Now, stuff like that will become routinely available to millions of people who couldn’t figure out the befuddling interface of their 12-year-old nephew’s favorite app. But beyond Snapchat lenses that send Alaska Air planes flying around your head, or hot dogs dancing a jig, or end you up in the Stranger Things living room, there’s a big ol’ world out there to be augmented by other folks. And now it’s time to figure out how the entertainment business will do it.
The truth is, though, I’m not sure how much the entertainment business is ready to do, at least for a while.
Game developers have been among the first to release cool apps such as The Machines, extending the mobile experience beyond small flat screens onto your tabletop and far beyond (AR Dungeons & Dragons, anyone?).
But most other initial AR apps have been rather prosaic: measure a room; see how furniture might fit your place; check the fit of a piece of clothing. Useful, yes, and practical, with huge implications for e-commerce, blah, blah, blah.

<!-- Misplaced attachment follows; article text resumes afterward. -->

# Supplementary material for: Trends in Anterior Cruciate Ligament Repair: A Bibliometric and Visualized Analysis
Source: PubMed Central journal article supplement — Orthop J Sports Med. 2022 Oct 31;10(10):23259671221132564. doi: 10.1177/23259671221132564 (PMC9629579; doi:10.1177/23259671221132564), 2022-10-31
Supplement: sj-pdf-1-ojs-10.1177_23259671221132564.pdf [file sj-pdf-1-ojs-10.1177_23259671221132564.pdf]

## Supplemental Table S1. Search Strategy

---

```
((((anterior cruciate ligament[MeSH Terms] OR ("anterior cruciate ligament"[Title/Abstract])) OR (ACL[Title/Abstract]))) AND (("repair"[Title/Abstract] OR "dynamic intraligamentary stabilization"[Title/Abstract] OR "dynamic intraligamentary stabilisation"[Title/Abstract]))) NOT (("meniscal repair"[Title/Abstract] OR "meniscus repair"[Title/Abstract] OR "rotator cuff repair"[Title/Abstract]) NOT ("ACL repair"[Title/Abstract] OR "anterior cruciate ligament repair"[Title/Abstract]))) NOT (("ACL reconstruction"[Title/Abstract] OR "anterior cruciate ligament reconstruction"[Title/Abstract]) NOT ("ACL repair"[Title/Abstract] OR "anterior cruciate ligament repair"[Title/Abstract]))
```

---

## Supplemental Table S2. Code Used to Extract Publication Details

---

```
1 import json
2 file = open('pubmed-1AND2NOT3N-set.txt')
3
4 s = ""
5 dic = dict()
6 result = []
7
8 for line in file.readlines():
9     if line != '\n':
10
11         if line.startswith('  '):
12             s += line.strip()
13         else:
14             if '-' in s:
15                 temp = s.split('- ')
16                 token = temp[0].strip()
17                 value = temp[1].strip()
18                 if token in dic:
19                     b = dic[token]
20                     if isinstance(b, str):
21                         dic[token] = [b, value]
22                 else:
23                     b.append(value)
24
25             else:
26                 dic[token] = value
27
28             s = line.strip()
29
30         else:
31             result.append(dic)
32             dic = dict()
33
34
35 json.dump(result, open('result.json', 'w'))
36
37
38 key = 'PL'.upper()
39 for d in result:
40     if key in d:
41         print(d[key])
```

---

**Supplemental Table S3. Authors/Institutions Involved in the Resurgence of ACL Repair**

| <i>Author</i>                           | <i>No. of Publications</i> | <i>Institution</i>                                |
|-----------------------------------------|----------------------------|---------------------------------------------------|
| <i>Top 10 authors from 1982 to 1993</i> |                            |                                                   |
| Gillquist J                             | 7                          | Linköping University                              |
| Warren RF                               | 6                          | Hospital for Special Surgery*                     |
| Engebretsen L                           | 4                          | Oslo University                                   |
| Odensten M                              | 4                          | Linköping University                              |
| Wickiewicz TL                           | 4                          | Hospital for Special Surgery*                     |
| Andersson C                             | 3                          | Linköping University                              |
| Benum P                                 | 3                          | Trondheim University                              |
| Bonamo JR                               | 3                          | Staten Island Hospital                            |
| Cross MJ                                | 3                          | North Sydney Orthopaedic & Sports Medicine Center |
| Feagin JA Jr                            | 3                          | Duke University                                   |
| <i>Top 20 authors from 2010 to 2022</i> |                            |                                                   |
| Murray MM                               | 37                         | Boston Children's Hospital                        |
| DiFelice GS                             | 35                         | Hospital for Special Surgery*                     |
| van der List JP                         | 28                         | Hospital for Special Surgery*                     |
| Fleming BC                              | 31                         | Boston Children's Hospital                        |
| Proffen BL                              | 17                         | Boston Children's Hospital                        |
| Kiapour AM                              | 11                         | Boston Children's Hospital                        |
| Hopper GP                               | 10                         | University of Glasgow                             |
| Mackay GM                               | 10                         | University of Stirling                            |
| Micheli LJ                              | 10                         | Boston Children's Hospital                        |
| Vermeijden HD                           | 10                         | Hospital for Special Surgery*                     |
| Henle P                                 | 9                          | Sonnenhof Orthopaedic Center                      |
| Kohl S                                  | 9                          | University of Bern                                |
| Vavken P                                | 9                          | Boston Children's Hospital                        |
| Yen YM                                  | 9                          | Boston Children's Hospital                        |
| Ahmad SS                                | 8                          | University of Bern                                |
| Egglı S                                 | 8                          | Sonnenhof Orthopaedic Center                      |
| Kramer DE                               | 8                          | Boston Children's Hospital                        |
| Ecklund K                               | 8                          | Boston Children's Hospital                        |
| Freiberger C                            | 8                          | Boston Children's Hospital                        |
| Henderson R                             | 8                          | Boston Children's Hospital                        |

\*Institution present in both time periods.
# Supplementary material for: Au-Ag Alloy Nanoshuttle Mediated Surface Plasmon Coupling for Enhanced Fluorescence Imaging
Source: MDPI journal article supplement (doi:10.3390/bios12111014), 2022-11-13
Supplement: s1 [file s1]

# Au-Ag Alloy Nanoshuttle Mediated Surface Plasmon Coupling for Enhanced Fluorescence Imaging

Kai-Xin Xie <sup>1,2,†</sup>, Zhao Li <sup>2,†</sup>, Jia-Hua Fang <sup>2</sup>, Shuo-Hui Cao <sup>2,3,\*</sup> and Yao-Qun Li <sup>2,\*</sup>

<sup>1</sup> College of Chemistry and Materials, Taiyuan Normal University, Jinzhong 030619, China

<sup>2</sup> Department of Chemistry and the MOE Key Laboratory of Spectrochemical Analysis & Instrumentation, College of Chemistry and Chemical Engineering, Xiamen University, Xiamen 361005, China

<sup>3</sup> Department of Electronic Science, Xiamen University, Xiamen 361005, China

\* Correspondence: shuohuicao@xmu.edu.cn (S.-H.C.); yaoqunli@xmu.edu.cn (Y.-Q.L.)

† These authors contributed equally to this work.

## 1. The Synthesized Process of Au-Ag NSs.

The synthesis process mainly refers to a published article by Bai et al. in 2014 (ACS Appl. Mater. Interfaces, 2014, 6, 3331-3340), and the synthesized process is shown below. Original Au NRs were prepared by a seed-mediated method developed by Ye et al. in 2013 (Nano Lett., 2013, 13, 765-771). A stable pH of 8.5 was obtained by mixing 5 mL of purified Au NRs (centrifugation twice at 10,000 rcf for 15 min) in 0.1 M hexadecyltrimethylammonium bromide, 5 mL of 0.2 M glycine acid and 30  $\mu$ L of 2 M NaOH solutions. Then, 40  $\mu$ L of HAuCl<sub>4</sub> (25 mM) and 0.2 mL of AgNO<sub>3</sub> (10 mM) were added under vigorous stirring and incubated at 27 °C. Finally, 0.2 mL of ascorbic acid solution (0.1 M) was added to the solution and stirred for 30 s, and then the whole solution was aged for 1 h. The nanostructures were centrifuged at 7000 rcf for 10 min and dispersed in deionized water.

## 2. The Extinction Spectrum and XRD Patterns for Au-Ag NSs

Long-time tech journalist/sensei Steven Levy, in fact, suggested the best feature right now to show off iPhone X capabilities was Animojis, which use the phones sophisticate facial-recognition technologies to map your expressions and speech to animated emojis. The animoji that Levy preferred for his demos is, I do not kid, a talking, smiling pile of feces. That’s sort of amusing, even kinda entertaining. And I expect it will spark no end of nasty messages from abusive bosses and bitter exes in years to come. O joy.
But much of this stuff is also, let’s face it, kinda boring. As long as AR is trapped in the phone, insiders have told me, it may be unrealistic to expect too much more in terms of AR entertainment.